Furthermore, as this report states, “Eyewitnesses said firetrucks and ambulances arrived to the site over one hour after signaling the fire, even though they’re stationed in [a] nearby street,” thus leading to more lost lives that might have been saved.
Indeed, as if to underscore Egypt’s disregard for the basic rights of its Coptic citizens and their places of worship, less than three days after the burning of the Church of Abu Seifein on August 14, yet another Coptic church, Anba Bishoy in Minya, was just set aflame, on August 17, 2022. And, as if to preempt the automatic reason given by state authorities to media for dissemination—“faulty wiring”—Bishop Fam of Minya was quick to say that “There was no working electricity inside the church of Anba Bishoy at the time of the fire; air conditioners were turned off.” Not ones to have their creative imagination forestalled, investigating authorities offered—a mere day later—an even more absurd cause: “church candles in the hands of children were the cause.”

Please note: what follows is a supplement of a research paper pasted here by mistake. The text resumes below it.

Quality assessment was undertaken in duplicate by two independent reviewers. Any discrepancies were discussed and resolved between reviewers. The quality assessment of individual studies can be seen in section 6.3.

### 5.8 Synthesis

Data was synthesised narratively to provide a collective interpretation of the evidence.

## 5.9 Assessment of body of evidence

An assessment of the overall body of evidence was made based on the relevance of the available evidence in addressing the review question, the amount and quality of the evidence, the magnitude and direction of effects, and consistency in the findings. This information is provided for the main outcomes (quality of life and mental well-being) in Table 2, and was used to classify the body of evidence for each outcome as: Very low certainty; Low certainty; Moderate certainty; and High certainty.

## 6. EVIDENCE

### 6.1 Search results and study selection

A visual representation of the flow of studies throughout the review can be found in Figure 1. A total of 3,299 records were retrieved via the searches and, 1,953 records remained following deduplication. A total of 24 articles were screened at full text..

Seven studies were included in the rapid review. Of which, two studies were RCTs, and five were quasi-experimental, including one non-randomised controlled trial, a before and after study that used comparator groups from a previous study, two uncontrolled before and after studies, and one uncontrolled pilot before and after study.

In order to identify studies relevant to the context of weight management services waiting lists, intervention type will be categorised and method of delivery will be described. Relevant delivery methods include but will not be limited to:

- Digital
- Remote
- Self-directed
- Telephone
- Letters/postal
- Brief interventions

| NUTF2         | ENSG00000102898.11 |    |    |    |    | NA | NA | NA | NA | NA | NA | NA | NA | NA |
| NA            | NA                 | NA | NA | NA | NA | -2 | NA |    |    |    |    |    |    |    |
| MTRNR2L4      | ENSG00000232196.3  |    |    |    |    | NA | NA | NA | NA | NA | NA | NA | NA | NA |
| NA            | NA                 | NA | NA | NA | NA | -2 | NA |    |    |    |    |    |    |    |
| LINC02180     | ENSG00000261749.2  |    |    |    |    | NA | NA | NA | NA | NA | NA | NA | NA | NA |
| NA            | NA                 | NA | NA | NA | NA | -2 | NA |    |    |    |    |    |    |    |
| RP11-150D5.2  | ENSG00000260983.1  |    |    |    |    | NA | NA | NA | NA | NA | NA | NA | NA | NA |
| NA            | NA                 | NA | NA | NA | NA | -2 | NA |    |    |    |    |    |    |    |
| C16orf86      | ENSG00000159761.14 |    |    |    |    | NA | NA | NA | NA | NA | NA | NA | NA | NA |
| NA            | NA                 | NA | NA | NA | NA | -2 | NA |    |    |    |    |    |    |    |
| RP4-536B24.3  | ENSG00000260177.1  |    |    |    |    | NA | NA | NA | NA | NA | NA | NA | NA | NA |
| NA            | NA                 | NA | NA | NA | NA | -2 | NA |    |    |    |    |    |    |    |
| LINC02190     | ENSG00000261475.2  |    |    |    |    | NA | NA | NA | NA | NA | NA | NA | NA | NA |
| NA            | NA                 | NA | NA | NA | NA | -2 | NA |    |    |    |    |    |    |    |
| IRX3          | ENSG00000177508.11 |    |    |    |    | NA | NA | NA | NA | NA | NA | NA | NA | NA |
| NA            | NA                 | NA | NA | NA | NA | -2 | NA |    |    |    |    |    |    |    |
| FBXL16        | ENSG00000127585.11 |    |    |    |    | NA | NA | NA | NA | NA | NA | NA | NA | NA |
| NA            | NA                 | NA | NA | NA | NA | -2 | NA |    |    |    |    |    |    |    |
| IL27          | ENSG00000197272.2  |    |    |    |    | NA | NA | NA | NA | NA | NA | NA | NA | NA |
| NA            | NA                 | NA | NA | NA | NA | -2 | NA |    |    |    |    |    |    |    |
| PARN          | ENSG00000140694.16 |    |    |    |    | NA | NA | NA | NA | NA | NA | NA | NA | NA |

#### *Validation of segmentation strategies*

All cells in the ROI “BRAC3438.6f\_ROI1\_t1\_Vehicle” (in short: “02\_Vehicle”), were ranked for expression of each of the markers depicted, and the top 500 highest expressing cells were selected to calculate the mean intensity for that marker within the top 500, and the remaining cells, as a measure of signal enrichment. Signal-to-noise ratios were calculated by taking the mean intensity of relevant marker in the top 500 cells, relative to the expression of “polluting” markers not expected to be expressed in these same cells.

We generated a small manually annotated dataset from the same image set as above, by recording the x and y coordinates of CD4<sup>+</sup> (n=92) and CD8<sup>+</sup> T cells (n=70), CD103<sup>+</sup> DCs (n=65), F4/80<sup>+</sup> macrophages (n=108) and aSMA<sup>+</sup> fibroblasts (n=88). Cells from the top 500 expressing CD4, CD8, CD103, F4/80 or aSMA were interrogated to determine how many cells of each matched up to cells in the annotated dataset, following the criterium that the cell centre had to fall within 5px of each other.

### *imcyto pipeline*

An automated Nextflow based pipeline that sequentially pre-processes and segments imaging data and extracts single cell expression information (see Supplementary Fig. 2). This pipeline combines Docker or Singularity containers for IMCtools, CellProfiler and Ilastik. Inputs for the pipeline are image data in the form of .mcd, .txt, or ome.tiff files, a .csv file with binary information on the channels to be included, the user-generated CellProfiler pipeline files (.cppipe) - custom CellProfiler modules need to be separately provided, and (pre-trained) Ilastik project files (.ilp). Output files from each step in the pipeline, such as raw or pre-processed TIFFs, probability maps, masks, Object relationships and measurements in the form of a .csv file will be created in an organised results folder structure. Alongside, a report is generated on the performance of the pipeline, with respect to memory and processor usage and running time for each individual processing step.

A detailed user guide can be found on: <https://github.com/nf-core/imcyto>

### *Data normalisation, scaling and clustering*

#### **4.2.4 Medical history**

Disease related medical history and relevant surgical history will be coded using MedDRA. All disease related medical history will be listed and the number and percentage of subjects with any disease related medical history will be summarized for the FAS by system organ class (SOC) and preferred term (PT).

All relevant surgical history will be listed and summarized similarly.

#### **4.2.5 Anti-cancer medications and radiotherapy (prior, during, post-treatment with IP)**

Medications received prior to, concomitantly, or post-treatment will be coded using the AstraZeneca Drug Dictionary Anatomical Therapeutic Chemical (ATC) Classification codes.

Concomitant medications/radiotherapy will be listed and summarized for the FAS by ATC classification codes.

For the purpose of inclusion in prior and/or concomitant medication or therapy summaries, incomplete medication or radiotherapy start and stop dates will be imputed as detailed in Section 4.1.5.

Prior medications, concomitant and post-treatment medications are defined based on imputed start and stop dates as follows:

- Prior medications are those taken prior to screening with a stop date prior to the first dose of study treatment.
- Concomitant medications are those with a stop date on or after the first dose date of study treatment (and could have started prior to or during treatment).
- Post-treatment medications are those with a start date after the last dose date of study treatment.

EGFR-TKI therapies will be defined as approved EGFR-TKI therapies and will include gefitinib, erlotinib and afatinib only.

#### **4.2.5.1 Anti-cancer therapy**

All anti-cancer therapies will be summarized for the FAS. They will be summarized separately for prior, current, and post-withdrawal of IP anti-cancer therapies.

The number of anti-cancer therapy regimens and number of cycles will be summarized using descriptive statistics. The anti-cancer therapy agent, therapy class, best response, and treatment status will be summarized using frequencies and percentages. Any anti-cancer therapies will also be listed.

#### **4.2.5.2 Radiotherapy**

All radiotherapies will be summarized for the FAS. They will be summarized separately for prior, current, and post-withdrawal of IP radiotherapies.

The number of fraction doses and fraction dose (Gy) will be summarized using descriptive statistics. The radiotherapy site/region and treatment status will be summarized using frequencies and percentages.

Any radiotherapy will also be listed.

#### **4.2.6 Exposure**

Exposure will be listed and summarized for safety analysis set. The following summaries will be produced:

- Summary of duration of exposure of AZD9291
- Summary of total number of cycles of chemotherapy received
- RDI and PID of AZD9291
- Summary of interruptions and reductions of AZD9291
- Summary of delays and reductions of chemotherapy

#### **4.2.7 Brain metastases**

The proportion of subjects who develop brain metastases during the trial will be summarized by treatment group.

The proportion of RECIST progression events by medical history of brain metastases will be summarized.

In a recent program dedicated to discussing the recent tragedy at the Church of Abu Seifen, the prolific Egyptian writer and researcher, Magdi Khalil, made some important observations. Of the 3,000 or so churches in Egypt, hundreds, he said, have been torched over the past 50 years. Meanwhile, and although there are at least half a million mosques and prayer halls in Egypt, none have ever burned.
These numbers further highlight the extreme discrimination against churches in Egypt: considering that Christians amount for, at the very least, ten percent of Egypt’s total population, they should have at least 50,000 (ten percent of half a million)—not just 3,000—churches. Little wonder they are always cramped with hundreds of Christians, making them fire hazards.